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(searched for: doi:10.17352/aadc.000022)
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Maki Yohko, Nakamura Koichi
Annals of Alzheimer's and Dementia Care pp 007-013; https://doi.org/10.17352/aadc.000022

Abstract:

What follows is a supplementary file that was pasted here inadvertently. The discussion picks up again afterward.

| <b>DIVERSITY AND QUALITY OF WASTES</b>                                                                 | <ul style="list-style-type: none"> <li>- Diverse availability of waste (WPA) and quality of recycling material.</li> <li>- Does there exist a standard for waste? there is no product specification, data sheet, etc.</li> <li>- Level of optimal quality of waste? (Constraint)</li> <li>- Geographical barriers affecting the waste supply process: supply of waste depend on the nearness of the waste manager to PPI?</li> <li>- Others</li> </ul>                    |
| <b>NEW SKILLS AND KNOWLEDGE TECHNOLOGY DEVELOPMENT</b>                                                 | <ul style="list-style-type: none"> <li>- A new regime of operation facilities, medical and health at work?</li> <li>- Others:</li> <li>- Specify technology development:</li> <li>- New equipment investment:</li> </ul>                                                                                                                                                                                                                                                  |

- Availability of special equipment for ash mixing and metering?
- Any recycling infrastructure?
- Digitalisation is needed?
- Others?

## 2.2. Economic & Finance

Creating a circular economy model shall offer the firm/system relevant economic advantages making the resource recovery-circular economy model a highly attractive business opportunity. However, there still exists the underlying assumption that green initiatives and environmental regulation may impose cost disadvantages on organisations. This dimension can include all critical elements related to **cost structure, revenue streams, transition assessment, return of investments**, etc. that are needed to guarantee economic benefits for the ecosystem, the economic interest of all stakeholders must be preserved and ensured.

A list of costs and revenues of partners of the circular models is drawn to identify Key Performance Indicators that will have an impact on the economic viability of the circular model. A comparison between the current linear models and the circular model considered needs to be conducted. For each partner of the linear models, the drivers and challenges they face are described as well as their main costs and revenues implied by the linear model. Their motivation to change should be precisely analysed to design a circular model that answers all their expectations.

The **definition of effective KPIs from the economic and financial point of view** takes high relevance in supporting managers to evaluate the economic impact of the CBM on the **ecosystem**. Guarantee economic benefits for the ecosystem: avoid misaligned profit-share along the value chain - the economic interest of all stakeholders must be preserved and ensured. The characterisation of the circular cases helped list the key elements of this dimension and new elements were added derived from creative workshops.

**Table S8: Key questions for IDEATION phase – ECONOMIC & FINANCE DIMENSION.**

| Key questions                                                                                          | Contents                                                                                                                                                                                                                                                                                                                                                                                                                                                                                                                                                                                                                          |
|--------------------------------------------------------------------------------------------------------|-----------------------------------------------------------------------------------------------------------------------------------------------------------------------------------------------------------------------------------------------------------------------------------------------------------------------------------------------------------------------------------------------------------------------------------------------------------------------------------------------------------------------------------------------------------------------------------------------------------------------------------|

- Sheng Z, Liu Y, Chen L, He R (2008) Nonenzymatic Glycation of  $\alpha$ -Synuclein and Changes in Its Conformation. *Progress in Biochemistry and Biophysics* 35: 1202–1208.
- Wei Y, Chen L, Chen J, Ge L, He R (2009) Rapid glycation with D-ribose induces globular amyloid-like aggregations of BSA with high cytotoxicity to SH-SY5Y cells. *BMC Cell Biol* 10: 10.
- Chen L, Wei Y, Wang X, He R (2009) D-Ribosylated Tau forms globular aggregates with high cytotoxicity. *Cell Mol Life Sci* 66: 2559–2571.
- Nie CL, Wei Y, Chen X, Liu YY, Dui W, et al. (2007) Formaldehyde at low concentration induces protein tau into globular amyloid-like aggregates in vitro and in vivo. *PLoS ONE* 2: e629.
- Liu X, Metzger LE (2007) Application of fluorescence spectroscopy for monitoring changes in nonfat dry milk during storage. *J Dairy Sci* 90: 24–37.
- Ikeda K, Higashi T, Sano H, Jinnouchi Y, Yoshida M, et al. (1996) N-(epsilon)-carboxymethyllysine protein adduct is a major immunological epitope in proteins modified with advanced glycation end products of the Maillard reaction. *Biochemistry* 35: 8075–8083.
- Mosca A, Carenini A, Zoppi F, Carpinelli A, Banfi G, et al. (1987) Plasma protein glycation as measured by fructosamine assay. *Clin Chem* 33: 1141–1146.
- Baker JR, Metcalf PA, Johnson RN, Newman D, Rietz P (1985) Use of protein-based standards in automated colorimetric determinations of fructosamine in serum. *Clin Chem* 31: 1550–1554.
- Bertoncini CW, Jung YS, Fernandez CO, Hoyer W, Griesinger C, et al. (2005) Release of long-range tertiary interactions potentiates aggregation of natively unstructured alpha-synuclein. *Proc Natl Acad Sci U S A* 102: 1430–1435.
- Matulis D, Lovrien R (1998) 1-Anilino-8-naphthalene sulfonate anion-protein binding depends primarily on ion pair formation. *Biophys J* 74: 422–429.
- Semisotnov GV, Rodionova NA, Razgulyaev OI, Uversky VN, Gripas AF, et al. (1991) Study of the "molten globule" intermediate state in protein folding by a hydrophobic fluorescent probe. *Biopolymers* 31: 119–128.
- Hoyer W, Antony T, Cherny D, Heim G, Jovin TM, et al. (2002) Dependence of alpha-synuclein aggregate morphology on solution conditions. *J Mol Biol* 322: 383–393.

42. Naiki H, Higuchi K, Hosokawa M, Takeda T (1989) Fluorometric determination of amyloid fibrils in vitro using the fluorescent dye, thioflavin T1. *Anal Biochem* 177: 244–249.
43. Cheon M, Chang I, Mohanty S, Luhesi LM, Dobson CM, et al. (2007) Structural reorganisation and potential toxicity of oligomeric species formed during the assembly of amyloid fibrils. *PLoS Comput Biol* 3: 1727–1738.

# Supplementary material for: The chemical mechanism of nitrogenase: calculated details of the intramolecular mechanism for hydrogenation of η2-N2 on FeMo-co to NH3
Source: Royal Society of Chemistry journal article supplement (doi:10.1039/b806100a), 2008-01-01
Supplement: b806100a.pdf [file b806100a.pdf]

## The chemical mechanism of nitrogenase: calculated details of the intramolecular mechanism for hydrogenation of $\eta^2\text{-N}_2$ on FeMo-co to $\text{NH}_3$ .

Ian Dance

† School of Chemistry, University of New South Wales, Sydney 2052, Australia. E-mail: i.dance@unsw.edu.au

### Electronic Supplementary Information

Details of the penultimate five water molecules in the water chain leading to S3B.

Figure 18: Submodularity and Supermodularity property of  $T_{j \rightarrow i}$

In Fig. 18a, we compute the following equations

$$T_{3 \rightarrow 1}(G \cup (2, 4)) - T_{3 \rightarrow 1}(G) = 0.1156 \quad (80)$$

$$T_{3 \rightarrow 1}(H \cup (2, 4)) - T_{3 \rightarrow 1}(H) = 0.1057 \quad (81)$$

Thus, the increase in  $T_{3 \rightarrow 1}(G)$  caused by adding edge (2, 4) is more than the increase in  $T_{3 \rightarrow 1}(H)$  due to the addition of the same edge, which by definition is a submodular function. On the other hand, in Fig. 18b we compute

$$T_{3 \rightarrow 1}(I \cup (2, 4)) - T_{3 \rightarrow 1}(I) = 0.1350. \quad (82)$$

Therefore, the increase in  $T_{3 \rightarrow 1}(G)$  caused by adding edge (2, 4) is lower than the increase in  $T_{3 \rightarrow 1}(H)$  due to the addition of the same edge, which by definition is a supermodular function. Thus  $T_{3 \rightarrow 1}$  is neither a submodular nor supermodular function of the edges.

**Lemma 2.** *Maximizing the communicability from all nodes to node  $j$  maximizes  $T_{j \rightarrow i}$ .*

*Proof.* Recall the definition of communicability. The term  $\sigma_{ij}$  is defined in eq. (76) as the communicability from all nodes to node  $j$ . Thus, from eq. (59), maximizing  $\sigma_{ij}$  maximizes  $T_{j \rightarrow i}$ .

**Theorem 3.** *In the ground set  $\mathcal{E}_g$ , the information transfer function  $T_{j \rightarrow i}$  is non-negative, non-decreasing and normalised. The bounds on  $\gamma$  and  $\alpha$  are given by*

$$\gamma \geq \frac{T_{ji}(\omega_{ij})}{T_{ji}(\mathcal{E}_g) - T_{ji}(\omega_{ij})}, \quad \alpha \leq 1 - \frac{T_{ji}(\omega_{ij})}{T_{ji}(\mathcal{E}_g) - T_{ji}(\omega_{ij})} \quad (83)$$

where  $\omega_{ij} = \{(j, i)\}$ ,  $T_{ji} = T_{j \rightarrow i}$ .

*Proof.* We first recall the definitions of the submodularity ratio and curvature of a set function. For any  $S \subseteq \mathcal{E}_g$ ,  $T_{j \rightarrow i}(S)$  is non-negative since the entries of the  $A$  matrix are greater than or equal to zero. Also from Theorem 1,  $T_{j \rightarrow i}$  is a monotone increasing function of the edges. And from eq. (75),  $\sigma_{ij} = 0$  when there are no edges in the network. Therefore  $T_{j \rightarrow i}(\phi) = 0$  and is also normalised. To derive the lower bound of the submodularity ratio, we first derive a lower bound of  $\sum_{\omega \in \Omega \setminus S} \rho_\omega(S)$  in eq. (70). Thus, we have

Shared decision-making is indispensable among people with dementia, their families, and healthcare professionals to ensure that people with dementia live well. Since living with dementia involves the process of losing one’s independence and requiring support from others in all aspects of life, everyday life becomes a series of shared decision-making and collaborative efforts. Dementia care includes the process of rebuilding relationships through shared decision-making and collaboration. In particular, it is of paramount importance to make decisions on how to live well with dementia. Owing to a decline in independence, it may become difficult for people with dementia to live well or achieve happiness on their own. Hence, they are expected to cooperate with people close to them, including family members, to lead happy and fulfilling lives. While making a shared decision, conversations with a person with dementia may result in miscommunication due to a decline in their ability to communicate. If it is difficult to understand certain words or actions of the person with dementia, rather than dismissing them as incomprehensible, caregivers are recommended to analyze the factors underlying those words and actions (background factors), such as the person’s current cognitive state and functioning, human and physical environments, and relationships with other people.
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